–  This is no resolution but rather a comparison.  We are all required to buy vehicle insurance even when we don’t use it.  It is there in case we are involved in an accident.  Property insurance is also required if one gets a mortgage.  Why can’t  health insurance be managed in a similar fashion?     – A

–  My four-year-old son had to go under anesthesia for 20 minutes to have a splinter removed from the bottom of his foot.  The cost was $12,000!!!

Thankfully the insurance that we get through my husbands employer covered most of it .

But come on $12,000 is outrageous- agree?!                       – Michelle

–  Prior to Obamacare, insurance costs were going up dramatically. Since Obamacare, Insurance costs have gone up anyway. How can you tell if insurance costs have gone up more or less than they would have increased without Obamacare?                                     – Lee, York

–  Please discuss profit margins of insurance companies with the recent increases in premiums. Also, CEO salaries of these companies.                                      – Diane

–  I am a strong supporter of the Affordable Care Act, but it frustrates me that these conversations of how we will pay for health insurance, but they often do not touch on the root causes of the high premiums. You cannot solve the premium problem without first finding a way to regulate the drug companies and health care costs.                                                          – Mary, York

–  I hear very little discussion about the effects of the loss of the benefits that Medicare recipients gained under the ACA.  How about the closing of the Donut Hole, the free Yearly Wellness Visit, and coverage of Preventative Services like mammograms and colonoscopies without a co-pay or deductible that MIGHT go away because they are part of the ACA.  Please talk about this.                      – Terry

–  1. Obamacare is having an adverse impact on individual health care and getting needed care. Despite having several well-care measures not mandatory in the PPACA rules, insureds are still not as quick to see their providers knowing they now have extremely high deductibles ($4,000+) AND coinsurance of $8,000 or more!

    2.  As discussed, we need TORT REFROM first so we can address the increasing costs of health care (insurance in general!)–don’t blame providers or insurance companies as they are doing what they have to in order to provide services and remain viable to pay claims!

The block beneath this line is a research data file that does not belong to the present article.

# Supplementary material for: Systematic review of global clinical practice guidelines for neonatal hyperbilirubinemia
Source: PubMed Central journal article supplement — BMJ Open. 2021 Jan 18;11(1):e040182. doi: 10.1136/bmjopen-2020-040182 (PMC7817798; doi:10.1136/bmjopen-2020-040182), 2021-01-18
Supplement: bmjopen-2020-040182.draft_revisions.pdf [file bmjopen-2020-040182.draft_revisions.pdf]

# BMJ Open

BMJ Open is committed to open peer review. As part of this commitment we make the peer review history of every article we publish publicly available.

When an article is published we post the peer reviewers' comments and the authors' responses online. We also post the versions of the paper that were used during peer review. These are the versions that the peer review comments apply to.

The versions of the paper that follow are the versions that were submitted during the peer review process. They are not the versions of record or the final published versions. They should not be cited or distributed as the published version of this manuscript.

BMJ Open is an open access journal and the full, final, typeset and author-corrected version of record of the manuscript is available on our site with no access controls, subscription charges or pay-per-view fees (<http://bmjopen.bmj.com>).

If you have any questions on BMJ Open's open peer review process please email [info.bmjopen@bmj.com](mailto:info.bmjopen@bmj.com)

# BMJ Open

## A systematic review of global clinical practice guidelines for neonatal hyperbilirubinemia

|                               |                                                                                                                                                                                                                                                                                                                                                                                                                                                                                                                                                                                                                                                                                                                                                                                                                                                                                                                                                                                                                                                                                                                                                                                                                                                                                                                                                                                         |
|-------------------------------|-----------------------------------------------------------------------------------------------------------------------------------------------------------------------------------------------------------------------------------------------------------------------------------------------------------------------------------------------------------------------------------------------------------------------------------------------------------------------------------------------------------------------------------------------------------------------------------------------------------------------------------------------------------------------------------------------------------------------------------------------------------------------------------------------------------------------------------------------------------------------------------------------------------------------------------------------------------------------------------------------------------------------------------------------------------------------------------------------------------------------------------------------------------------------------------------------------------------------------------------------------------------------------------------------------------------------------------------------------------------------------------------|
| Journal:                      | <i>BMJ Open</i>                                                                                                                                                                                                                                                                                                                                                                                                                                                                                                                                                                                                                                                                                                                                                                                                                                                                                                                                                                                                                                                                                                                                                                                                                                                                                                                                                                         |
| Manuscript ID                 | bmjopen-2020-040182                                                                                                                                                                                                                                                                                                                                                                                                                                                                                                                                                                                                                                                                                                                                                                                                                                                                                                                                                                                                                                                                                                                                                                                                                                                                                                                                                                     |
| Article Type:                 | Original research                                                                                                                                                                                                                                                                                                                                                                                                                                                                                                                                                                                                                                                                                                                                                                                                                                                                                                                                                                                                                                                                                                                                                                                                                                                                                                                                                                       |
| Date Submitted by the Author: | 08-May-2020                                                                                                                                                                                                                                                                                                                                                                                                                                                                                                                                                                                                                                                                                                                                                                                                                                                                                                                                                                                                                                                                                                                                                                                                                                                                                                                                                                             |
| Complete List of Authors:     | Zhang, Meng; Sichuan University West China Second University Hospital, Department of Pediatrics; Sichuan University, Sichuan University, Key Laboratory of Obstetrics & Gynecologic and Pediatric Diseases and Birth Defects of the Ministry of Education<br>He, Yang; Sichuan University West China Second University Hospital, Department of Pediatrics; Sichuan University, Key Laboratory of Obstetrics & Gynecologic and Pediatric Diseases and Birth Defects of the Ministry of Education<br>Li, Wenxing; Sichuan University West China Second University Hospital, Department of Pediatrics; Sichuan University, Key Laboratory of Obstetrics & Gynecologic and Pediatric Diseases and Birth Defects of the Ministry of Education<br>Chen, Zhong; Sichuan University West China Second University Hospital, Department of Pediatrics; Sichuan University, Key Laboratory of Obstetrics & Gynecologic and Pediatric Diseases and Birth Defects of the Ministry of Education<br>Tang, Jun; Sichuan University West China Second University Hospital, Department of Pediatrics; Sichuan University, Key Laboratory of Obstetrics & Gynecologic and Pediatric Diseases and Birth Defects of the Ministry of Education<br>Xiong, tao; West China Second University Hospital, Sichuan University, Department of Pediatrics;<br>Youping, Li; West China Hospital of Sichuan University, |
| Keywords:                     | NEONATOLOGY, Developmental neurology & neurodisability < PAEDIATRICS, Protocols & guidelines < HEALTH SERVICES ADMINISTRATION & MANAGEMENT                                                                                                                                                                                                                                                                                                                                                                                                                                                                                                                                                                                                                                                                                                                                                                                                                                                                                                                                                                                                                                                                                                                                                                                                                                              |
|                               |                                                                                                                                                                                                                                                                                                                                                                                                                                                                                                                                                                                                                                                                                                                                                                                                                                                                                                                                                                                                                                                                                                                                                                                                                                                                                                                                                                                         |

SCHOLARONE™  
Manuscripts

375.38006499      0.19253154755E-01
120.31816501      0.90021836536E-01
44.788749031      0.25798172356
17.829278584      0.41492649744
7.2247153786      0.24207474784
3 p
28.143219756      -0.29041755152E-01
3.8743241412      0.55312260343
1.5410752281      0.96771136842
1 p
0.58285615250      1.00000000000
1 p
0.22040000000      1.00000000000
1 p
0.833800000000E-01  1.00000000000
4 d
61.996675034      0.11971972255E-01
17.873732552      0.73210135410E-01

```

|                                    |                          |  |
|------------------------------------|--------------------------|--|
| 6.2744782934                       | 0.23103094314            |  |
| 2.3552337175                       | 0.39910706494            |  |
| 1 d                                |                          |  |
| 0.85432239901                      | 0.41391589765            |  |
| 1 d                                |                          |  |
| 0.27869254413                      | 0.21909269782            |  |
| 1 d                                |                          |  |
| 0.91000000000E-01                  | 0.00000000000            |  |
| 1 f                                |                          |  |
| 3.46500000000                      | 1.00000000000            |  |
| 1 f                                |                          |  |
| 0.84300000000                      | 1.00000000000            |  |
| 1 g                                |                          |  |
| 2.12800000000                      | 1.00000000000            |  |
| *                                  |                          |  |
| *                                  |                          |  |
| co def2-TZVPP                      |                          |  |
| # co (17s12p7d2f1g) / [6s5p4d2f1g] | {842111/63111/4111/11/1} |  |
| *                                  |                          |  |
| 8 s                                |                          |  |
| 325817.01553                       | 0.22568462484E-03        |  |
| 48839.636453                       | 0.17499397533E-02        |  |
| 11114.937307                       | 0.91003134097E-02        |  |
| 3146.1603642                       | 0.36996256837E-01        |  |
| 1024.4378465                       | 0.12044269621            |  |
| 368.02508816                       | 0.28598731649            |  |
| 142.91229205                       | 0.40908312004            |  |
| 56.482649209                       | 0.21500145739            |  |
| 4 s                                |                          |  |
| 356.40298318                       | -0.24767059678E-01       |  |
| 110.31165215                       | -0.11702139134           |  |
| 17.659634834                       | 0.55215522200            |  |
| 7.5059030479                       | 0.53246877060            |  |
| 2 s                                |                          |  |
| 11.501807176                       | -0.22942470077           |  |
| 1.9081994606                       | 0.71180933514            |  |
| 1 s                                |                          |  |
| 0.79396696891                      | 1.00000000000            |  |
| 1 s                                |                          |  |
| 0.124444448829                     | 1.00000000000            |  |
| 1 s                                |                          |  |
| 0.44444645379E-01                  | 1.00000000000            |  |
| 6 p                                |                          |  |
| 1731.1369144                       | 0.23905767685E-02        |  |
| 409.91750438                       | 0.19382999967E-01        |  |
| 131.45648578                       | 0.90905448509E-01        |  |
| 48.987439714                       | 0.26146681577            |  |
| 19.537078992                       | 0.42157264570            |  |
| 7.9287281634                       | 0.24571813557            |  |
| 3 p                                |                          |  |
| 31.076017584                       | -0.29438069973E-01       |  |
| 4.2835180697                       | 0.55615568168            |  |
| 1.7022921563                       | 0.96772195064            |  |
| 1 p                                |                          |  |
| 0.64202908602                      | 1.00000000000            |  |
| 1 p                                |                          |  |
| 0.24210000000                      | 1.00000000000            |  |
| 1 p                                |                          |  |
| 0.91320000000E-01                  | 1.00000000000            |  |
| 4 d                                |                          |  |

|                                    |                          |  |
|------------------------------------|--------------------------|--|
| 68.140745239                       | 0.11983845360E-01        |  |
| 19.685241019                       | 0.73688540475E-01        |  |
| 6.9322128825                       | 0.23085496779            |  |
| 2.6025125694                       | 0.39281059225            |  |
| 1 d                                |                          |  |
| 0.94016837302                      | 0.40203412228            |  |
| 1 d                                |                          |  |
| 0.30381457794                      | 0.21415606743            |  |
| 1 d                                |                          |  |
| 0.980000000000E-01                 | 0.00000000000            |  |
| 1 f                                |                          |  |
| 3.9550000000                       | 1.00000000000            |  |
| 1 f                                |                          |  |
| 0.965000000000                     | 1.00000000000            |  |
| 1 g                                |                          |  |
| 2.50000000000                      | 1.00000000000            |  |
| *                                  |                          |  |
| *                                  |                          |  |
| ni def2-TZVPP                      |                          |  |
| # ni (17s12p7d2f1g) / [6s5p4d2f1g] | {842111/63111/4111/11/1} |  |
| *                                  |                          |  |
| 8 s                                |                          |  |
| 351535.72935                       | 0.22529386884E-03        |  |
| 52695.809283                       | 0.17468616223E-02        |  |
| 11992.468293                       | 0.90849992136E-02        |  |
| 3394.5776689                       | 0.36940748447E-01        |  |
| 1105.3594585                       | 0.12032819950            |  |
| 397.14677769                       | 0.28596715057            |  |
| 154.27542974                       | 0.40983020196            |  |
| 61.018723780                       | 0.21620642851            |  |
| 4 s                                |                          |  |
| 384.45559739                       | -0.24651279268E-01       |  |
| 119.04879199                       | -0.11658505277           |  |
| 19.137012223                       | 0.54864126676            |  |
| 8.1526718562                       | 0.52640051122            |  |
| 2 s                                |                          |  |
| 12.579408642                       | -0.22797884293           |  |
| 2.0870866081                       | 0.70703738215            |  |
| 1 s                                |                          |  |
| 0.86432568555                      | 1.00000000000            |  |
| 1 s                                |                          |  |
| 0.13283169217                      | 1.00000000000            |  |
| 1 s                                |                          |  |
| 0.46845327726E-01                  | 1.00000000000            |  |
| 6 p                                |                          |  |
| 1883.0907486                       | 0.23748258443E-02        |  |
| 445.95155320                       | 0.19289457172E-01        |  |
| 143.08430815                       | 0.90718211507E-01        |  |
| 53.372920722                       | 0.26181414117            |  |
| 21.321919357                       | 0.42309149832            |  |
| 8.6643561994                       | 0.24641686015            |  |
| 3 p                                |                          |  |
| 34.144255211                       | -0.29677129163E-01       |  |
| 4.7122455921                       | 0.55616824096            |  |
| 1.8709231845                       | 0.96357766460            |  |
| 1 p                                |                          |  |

We need litigation reform first!                                            – Mike, Schaefferstown

–  If you are family of two, the credits are not available after reaching 62k in income. And yes, premium due go up based on age.                                        – L

– One very important issue that I have heard very little about has to do with the potential impact of the ACA on the treatment of individuals with Substance Use Disorder/Addiction. The ACA recognizes substance use disorder/addiction as a chronic disease like diabetes, for example, and as such, expects the insurance companies to pay for treatment at all stages of this debilitating chronic disease. According to the National Institute on Drug Abuse, addiction costs the US $700 billion dollars/year. Data show that early intervention and appropriate long term treatment strategies (like those in place for affected airline pilots and physicians) can greatly reduce relapse rates and promote recovery. This will be lost with the dismantling of the ACA and the costs in dollars and lives (now estimated at 10/day in PA due to drug overdose) will continue.                                                                                                               – Sue, Hershey

– What is the source for the lists Ben read this morning? Also, would you be able to put those lists or links to them on your website?                    – Dorothy, Carlisle

–  Scott Perry, Congressman from York, had an article in Sunday’s paper that stated in part, the following:

1) “. . . Obamacare gutted over $800 billion from Medicare to fund its massive new entitlement . . .”

2)  “. . . many of the architects of the health care law, including the Obama administration, have exempted themselves from its mandates.”

Are either of these statements accurate?                          – Lee, York